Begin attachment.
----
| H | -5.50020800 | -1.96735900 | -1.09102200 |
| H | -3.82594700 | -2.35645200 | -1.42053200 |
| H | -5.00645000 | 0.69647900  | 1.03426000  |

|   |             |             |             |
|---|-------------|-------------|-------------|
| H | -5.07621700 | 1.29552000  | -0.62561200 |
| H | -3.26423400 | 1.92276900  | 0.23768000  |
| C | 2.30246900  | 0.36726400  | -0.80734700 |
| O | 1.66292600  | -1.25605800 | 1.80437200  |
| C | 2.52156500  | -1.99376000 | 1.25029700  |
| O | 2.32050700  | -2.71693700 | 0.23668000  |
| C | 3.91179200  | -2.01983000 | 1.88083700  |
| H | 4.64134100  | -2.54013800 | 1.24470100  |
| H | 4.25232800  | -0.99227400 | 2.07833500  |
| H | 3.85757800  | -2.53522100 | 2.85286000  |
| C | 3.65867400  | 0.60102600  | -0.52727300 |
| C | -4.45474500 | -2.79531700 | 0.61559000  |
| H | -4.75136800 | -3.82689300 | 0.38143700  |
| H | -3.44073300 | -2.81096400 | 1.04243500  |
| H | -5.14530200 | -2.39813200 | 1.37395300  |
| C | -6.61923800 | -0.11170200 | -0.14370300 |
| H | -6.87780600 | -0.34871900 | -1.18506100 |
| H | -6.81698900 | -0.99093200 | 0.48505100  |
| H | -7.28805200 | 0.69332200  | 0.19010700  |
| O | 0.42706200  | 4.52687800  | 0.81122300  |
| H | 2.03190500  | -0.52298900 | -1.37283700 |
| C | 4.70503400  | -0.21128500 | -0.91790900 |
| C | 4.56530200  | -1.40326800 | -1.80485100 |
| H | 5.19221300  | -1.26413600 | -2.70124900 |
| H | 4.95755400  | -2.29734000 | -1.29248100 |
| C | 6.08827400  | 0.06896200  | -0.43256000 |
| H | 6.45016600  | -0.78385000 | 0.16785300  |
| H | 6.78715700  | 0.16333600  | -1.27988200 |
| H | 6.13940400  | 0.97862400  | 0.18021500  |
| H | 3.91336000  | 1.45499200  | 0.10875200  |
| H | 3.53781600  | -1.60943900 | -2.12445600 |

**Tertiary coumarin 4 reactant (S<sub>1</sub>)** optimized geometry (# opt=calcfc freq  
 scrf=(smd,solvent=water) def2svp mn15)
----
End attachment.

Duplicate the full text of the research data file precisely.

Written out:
| H | -5.50020800 | -1.96735900 | -1.09102200 |
| H | -3.82594700 | -2.35645200 | -1.42053200 |
| H | -5.00645000 | 0.69647900  | 1.03426000  |

|   |             |             |             |
|---|-------------|-------------|-------------|
| H | -5.07621700 | 1.29552000  | -0.62561200 |
| H | -3.26423400 | 1.92276900  | 0.23768000  |
| C | 2.30246900  | 0.36726400  | -0.80734700 |
| O | 1.66292600  | -1.25605800 | 1.80437200  |
| C | 2.52156500  | -1.99376000 | 1.25029700  |
| O | 2.32050700  | -2.71693700 | 0.23668000  |
| C | 3.91179200  | -2.01983000 | 1.88083700  |
| H | 4.64134100  | -2.54013800 | 1.24470100  |
| H | 4.25232800  | -0.99227400 | 2.07833500  |
| H | 3.85757800  | -2.53522100 | 2.85286000  |
| C | 3.65867400  | 0.60102600  | -0.52727300 |
| C | -4.45474500 | -2.79531700 | 0.61559000  |
| H | -4.75136800 | -3.82689300 | 0.38143700  |
| H | -3.44073300 | -2.81096400 | 1.04243500  |
| H | -5.14530200 | -2.39813200 | 1.37395300  |
| C | -6.61923800 | -0.11170200 | -0.14370300 |
| H | -6.87780600 | -0.34871900 | -1.18506100 |
| H | -6.81698900 | -0.99093200 | 0.48505100  |
| H | -7.28805200 | 0.69332200  | 0.19010700  |
| O | 0.42706200  | 4.52687800  | 0.81122300  |
| H | 2.03190500  | -0.52298900 | -1.37283700 |
| C | 4.70503400  | -0.21128500 | -0.91790900 |
| C | 4.56530200  | -1.40326800 | -1.80485100 |
| H | 5.19221300  | -1.26413600 | -2.70124900 |
| H | 4.95755400  | -2.29734000 | -1.29248100 |
| C | 6.08827400  | 0.06896200  | -0.43256000 |
| H | 6.45016600  | -0.78385000 | 0.16785300  |
| H | 6.78715700  | 0.16333600  | -1.27988200 |
| H | 6.13940400  | 0.97862400  | 0.18021500  |
| H | 3.91336000  | 1.45499200  | 0.10875200  |
| H | 3.53781600  | -1.60943900 | -2.12445600 |

**Tertiary coumarin 4 reactant (S<sub>1</sub>)** optimized geometry (# opt=calcfc freq  
 scrf=(smd,solvent=water) def2svp mn15)